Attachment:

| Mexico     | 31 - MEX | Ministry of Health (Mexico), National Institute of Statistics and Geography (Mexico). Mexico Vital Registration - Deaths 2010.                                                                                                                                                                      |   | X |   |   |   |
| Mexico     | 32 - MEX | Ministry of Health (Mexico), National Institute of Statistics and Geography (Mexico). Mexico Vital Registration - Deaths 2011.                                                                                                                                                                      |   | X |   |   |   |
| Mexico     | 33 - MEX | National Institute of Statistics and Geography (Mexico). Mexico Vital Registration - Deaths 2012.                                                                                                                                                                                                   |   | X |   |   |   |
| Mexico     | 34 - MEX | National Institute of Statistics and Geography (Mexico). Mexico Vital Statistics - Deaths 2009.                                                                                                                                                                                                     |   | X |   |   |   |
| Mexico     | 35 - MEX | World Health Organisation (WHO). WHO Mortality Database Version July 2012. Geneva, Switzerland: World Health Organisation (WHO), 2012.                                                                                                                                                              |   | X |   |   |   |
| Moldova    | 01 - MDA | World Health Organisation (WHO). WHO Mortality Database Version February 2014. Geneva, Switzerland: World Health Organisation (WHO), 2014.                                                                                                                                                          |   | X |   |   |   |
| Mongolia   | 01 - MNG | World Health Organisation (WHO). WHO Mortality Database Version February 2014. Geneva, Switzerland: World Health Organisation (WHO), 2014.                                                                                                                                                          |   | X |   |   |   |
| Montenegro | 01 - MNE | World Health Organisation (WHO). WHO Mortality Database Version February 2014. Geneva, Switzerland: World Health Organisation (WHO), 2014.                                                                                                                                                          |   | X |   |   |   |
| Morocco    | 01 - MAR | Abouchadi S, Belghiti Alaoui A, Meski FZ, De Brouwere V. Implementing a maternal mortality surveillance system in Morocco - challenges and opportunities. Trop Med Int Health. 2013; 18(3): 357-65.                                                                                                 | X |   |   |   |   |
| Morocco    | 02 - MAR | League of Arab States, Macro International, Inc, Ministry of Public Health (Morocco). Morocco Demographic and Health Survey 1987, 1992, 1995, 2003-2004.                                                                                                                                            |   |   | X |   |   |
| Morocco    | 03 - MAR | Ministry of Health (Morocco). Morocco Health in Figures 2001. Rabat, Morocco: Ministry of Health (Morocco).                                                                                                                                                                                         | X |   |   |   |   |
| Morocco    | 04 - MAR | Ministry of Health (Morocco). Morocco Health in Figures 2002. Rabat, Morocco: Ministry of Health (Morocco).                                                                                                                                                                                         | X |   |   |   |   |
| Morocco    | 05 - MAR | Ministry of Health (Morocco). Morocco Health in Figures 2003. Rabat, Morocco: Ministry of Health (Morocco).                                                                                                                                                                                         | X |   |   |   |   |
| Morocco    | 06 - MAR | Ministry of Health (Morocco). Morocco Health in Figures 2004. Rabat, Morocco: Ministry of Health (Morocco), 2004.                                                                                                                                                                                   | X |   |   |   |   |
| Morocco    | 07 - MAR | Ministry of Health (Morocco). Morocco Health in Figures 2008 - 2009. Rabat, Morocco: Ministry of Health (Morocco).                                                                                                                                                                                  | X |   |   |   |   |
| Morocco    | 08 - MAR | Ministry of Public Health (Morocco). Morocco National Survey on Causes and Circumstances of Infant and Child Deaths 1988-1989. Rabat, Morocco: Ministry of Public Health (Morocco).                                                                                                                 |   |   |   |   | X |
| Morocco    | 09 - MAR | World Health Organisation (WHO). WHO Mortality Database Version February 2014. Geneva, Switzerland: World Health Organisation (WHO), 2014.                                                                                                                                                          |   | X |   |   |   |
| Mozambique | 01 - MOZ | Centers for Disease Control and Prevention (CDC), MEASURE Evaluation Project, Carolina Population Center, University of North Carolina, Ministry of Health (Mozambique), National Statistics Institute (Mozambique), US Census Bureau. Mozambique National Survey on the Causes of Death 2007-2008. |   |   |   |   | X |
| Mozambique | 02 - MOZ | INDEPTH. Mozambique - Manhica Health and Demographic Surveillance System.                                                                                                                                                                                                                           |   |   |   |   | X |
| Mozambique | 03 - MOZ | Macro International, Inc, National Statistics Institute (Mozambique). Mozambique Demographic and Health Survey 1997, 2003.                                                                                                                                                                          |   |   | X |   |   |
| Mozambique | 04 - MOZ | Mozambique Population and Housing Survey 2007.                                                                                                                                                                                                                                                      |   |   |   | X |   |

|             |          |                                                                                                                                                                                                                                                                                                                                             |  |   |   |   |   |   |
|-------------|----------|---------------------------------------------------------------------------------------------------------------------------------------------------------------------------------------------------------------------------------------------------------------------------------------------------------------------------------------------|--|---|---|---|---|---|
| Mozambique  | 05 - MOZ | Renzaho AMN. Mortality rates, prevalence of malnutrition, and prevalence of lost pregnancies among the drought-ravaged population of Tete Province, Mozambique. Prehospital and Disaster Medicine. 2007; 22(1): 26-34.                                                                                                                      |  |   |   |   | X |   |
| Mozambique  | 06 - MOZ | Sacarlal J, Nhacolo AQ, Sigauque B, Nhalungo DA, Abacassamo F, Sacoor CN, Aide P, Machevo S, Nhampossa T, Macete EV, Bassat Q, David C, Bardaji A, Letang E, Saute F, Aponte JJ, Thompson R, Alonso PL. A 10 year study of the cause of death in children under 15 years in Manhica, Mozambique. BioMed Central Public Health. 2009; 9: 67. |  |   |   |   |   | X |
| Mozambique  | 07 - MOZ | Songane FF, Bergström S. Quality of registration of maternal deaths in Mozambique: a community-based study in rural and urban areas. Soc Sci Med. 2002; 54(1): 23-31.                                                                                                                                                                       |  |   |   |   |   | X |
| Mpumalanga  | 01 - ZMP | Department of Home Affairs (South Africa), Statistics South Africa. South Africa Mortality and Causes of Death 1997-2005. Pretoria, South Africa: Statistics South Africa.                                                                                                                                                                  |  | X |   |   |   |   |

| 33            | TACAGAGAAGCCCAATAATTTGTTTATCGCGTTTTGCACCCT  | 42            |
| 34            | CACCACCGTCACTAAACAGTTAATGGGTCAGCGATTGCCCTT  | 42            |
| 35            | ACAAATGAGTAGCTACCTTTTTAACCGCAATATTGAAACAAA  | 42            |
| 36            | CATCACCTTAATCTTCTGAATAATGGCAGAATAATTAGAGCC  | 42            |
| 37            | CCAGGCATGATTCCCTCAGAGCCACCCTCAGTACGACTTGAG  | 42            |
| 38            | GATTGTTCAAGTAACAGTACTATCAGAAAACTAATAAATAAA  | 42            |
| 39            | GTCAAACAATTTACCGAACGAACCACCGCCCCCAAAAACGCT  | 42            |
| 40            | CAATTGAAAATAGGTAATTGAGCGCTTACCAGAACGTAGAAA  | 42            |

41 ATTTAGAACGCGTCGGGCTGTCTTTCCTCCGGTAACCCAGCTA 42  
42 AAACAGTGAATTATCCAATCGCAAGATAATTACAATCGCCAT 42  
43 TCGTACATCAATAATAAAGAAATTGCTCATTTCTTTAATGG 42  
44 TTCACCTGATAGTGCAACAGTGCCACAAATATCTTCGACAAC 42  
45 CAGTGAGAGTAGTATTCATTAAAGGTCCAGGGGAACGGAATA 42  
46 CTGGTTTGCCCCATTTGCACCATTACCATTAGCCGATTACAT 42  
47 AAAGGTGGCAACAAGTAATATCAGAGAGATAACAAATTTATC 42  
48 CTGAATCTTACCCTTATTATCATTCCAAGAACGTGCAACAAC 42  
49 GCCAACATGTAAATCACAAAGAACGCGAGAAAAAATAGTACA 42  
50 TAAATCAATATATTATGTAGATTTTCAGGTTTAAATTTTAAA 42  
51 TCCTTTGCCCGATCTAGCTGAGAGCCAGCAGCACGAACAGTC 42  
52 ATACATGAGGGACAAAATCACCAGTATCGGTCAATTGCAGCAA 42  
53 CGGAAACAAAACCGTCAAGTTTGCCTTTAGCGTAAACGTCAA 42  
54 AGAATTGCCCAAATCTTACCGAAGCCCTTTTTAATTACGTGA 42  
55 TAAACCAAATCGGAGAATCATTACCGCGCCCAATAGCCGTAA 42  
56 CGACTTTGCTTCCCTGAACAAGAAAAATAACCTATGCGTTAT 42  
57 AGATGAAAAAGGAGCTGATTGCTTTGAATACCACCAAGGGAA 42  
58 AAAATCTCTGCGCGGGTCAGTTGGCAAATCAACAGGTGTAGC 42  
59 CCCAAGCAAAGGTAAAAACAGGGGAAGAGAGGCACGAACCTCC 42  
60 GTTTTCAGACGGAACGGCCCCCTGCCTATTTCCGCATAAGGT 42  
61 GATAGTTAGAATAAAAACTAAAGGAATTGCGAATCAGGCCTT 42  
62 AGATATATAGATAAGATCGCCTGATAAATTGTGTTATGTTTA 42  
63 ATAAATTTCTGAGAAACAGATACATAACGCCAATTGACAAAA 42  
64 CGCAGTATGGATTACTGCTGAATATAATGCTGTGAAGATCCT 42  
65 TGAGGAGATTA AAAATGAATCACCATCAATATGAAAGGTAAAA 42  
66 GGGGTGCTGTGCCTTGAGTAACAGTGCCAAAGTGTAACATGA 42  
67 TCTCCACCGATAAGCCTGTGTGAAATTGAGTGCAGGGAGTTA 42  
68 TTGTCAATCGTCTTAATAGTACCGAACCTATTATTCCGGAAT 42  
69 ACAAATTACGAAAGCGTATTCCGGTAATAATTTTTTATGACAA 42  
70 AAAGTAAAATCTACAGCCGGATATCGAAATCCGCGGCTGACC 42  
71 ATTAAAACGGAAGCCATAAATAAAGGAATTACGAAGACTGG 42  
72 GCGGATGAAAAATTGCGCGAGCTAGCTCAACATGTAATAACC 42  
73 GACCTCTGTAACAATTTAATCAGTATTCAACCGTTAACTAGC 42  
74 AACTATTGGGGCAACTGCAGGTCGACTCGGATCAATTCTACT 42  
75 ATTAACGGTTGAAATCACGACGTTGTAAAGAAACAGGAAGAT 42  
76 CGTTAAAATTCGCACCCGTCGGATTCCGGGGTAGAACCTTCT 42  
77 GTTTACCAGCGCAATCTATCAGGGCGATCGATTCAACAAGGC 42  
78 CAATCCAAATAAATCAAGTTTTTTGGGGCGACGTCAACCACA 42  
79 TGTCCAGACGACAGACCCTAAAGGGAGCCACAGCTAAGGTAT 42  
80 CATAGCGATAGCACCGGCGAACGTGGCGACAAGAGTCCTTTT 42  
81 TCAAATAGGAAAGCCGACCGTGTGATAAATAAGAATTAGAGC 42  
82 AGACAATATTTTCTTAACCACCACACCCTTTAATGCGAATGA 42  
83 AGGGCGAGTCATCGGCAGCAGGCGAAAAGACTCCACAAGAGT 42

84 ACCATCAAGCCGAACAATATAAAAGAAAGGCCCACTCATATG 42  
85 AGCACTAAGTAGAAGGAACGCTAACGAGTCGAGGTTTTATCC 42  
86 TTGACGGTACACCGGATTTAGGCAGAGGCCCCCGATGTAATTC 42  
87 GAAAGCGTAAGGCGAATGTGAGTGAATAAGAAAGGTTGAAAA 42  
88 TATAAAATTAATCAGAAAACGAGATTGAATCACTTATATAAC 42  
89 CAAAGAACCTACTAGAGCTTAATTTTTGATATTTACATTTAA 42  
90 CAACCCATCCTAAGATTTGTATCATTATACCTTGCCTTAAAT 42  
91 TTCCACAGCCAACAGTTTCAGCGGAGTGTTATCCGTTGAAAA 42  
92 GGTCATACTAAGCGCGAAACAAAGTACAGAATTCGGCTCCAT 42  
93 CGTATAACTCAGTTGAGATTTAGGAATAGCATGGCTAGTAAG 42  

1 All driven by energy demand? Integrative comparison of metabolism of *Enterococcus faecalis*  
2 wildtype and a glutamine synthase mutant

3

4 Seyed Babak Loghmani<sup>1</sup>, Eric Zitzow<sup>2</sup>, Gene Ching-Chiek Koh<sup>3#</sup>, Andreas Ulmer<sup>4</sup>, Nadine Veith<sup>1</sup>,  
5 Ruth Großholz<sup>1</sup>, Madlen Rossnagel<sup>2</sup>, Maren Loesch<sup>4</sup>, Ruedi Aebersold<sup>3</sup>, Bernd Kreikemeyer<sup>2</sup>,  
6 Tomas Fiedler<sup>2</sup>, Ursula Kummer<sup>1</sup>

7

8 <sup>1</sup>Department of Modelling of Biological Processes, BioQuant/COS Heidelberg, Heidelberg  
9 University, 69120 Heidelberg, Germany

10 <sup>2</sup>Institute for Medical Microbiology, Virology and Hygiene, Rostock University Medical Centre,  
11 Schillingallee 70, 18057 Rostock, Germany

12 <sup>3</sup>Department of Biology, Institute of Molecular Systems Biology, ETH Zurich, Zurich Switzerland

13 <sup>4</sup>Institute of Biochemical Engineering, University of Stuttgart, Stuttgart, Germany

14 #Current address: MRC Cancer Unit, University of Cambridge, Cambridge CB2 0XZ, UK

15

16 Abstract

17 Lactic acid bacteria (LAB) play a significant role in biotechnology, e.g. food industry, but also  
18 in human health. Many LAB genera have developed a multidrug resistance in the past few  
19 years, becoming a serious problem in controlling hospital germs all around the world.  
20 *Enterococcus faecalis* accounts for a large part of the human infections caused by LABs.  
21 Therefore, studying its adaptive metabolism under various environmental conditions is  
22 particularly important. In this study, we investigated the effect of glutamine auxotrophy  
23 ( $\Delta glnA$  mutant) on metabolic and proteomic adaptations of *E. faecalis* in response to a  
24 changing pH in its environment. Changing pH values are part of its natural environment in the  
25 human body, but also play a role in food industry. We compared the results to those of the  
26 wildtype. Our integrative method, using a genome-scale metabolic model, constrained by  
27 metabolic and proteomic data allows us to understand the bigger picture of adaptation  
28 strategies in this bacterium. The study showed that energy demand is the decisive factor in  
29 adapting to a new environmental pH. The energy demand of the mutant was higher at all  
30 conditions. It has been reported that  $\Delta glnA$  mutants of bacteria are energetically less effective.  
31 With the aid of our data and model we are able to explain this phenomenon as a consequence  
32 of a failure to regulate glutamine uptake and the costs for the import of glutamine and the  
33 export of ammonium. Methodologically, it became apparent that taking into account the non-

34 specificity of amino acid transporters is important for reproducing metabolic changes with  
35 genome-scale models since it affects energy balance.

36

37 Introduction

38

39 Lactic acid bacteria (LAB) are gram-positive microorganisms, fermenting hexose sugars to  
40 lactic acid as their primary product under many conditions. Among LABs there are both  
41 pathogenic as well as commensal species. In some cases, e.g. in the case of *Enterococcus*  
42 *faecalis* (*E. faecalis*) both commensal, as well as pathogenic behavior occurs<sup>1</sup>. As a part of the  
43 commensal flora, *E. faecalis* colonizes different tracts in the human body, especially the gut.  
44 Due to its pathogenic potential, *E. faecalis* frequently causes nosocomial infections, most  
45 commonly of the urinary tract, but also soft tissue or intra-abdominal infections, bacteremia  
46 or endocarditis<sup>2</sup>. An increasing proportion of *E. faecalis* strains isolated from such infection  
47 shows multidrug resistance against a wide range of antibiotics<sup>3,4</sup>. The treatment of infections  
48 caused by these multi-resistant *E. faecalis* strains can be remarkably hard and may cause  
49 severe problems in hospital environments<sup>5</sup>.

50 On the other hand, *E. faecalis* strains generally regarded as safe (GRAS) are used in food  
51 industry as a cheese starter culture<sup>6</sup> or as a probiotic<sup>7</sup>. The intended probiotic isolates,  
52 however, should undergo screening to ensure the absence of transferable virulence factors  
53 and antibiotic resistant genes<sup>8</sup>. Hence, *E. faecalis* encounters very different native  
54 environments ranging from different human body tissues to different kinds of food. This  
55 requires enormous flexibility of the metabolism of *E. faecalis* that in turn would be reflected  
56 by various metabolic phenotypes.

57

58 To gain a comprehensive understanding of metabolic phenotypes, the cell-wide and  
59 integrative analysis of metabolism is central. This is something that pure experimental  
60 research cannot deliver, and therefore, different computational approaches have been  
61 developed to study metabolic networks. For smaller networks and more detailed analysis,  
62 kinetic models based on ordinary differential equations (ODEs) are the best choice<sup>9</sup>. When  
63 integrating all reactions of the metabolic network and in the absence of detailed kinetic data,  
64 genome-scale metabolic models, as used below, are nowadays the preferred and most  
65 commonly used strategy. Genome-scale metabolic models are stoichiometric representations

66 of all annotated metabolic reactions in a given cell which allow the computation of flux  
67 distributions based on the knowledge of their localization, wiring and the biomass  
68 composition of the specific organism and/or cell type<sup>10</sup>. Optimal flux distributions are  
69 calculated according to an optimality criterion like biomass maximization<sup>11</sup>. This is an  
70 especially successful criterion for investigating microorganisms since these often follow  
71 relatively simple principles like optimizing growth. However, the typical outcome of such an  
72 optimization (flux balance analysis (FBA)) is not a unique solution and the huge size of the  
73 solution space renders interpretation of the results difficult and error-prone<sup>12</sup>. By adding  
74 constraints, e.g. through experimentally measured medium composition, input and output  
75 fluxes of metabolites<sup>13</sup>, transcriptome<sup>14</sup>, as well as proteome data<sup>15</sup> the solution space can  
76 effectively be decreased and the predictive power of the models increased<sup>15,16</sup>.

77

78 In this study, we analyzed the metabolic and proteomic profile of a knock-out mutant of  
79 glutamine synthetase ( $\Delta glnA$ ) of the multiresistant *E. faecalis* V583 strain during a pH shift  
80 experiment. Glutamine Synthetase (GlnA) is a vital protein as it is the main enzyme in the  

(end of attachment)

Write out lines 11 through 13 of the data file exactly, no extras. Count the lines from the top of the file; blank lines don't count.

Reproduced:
| Morocco    | 03 - MAR | Ministry of Health (Morocco). Morocco Health in Figures 2001. Rabat, Morocco: Ministry of Health (Morocco).                                                                                                                                                                                         | X |   |   |   |   |
| Morocco    | 04 - MAR | Ministry of Health (Morocco). Morocco Health in Figures 2002. Rabat, Morocco: Ministry of Health (Morocco).                                                                                                                                                                                         | X |   |   |   |   |
| Morocco    | 05 - MAR | Ministry of Health (Morocco). Morocco Health in Figures 2003. Rabat, Morocco: Ministry of Health (Morocco).                                                                                                                                                                                         | X |   |   |   |   |